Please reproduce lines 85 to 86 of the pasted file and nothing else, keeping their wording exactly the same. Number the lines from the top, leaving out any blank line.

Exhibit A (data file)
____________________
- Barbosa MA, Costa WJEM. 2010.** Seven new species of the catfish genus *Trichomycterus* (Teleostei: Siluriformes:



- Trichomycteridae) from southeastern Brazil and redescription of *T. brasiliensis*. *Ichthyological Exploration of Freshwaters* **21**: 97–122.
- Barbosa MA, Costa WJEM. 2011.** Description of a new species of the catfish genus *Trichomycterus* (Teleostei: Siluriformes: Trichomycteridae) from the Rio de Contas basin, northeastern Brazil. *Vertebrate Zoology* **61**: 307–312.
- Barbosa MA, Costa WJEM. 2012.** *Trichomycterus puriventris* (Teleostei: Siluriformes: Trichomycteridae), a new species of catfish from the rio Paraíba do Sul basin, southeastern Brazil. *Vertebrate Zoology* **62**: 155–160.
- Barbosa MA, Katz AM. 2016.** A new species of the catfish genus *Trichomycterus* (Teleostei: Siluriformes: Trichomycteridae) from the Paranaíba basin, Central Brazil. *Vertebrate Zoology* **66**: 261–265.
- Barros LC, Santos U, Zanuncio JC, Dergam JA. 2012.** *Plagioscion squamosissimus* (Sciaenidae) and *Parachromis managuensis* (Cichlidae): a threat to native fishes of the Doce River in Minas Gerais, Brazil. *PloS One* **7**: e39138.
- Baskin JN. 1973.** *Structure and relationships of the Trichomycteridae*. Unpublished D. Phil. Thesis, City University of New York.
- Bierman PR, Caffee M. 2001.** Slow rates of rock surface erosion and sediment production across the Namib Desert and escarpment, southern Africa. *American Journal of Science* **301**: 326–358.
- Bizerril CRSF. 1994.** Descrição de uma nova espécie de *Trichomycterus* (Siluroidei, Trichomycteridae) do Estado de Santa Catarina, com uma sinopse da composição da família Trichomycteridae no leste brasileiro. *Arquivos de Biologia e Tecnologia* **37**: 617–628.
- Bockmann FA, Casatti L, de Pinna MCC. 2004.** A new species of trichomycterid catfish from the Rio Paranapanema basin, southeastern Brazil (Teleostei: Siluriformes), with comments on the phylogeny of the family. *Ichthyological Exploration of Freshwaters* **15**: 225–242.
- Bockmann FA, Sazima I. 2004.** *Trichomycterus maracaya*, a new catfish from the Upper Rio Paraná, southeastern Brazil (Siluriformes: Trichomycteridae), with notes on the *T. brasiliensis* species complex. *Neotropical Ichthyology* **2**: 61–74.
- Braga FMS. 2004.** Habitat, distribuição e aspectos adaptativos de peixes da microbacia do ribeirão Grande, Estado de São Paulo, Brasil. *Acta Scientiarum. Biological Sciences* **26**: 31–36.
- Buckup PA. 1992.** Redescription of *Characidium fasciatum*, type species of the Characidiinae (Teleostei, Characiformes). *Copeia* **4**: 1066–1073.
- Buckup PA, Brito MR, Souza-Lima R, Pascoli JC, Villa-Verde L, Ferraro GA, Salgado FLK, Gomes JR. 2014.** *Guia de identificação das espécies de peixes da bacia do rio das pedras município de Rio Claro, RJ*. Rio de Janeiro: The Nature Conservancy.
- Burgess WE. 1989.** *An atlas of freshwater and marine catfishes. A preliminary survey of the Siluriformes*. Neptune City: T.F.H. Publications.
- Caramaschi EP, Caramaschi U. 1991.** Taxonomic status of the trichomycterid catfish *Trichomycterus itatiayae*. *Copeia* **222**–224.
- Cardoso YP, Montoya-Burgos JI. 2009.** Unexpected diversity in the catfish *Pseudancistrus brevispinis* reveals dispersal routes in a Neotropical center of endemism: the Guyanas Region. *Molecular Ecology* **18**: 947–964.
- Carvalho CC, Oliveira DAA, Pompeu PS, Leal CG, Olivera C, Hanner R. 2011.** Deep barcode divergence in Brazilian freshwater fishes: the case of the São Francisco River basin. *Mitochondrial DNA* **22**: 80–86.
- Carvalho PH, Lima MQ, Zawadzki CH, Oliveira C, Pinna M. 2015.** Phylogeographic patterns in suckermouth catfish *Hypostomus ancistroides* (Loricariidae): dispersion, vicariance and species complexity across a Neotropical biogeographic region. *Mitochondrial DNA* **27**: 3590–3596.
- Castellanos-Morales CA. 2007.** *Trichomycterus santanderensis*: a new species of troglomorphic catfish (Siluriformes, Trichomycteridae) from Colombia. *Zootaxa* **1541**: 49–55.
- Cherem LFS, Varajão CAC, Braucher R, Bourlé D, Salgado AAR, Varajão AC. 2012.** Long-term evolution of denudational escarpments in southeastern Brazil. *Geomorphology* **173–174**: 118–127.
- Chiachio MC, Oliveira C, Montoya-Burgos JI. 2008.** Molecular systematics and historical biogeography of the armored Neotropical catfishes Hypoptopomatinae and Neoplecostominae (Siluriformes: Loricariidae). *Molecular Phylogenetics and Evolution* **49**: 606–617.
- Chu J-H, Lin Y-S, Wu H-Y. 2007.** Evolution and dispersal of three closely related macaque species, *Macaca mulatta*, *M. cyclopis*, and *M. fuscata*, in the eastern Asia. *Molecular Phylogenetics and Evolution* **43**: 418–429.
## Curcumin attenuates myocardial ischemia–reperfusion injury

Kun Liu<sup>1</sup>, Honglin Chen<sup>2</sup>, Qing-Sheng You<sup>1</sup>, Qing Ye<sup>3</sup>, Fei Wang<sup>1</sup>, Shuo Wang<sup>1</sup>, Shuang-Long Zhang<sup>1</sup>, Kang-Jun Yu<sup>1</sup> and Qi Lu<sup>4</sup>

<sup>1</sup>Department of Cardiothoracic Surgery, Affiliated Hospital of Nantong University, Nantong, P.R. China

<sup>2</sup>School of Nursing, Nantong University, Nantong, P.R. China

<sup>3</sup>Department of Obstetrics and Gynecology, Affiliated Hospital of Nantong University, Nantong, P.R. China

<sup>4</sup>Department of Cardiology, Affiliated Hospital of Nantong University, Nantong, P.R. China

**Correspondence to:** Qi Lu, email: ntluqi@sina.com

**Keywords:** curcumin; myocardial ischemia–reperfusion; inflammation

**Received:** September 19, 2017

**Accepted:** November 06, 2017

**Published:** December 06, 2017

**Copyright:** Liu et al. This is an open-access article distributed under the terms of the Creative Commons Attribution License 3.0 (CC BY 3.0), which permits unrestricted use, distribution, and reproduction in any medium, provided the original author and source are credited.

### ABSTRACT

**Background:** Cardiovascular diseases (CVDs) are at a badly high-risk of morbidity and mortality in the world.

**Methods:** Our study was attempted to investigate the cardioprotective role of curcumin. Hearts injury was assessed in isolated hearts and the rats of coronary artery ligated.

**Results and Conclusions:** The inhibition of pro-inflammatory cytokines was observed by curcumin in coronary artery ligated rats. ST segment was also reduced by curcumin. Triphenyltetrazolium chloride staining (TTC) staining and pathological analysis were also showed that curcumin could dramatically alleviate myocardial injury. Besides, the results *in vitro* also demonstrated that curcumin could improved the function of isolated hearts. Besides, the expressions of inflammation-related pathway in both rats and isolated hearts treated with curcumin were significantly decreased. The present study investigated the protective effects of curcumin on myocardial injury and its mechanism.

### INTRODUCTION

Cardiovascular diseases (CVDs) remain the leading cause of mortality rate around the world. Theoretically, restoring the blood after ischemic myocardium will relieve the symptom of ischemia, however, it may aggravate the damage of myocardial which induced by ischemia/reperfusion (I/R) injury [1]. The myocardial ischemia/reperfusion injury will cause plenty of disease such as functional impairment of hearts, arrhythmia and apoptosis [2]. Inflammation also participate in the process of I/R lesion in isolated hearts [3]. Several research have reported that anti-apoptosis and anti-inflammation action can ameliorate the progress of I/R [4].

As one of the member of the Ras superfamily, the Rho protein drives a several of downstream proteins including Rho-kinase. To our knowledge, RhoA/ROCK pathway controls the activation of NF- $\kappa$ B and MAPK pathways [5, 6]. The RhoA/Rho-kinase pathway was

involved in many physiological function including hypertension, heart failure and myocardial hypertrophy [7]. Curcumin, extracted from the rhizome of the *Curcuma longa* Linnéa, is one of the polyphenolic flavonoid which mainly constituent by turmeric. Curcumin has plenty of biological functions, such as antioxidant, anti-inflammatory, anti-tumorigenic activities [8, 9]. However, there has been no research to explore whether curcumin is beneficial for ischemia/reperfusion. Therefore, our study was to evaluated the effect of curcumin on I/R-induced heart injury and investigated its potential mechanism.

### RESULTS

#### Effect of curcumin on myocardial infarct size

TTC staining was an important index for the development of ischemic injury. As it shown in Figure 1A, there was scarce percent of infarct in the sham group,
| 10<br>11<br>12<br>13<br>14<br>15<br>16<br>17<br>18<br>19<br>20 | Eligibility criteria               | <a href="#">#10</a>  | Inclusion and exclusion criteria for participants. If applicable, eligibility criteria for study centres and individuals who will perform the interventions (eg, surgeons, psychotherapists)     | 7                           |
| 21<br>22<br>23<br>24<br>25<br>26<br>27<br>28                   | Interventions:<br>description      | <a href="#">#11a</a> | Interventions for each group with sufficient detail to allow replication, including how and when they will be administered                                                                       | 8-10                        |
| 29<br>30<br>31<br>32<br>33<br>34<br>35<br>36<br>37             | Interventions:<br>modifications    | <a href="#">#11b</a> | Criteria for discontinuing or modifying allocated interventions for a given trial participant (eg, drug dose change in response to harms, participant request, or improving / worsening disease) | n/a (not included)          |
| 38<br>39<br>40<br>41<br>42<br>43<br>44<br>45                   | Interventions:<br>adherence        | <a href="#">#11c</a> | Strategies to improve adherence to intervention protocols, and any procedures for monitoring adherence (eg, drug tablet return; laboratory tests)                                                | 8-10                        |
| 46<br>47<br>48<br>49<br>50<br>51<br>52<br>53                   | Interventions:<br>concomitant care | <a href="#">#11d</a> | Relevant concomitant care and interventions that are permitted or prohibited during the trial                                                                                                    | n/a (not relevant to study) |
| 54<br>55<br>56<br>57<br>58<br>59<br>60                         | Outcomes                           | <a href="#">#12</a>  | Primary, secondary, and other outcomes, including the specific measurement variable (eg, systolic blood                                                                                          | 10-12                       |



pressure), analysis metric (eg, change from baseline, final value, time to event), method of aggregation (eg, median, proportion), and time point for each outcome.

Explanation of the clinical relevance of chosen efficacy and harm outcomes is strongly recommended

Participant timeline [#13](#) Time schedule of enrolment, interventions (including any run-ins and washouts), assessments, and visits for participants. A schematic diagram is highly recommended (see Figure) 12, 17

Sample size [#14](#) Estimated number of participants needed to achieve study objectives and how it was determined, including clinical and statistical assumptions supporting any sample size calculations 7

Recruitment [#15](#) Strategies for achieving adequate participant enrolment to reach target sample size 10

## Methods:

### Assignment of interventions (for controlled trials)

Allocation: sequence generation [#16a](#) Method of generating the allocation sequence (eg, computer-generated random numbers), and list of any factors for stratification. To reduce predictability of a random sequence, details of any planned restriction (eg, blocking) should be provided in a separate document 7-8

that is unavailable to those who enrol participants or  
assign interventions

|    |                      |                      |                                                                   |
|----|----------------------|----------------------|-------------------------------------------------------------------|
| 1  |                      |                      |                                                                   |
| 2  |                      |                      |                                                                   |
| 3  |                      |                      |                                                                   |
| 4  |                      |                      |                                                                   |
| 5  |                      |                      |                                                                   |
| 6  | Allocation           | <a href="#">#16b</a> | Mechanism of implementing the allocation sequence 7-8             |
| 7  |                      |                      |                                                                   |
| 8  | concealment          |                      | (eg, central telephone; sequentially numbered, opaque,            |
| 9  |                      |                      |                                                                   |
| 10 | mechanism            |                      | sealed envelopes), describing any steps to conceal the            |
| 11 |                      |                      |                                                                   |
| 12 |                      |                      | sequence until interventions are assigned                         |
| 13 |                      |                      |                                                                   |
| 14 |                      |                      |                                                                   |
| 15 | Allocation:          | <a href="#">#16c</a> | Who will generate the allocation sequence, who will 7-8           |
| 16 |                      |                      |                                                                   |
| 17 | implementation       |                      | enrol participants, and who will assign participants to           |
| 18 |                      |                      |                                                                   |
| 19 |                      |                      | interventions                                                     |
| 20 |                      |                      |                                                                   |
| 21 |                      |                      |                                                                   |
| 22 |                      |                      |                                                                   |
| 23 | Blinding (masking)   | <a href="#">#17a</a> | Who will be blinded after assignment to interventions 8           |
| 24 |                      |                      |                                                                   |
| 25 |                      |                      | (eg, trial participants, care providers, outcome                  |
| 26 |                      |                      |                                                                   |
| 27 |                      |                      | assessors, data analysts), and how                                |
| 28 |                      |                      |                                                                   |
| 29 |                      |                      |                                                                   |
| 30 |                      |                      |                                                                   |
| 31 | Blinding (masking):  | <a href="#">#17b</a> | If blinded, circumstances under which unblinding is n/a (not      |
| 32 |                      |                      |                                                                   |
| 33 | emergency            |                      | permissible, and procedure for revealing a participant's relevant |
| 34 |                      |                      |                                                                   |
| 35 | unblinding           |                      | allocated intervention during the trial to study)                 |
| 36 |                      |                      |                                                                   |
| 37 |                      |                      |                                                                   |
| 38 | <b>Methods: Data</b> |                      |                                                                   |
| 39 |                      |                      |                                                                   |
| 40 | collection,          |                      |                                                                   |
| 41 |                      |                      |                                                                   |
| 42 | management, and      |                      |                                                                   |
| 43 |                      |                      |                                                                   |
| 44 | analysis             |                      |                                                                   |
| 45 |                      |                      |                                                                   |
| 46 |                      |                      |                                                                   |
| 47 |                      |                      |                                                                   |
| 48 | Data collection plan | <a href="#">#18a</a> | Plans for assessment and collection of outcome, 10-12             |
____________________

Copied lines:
| 21 |                      |                      |                                                                   |
| 22 |                      |                      |                                                                   |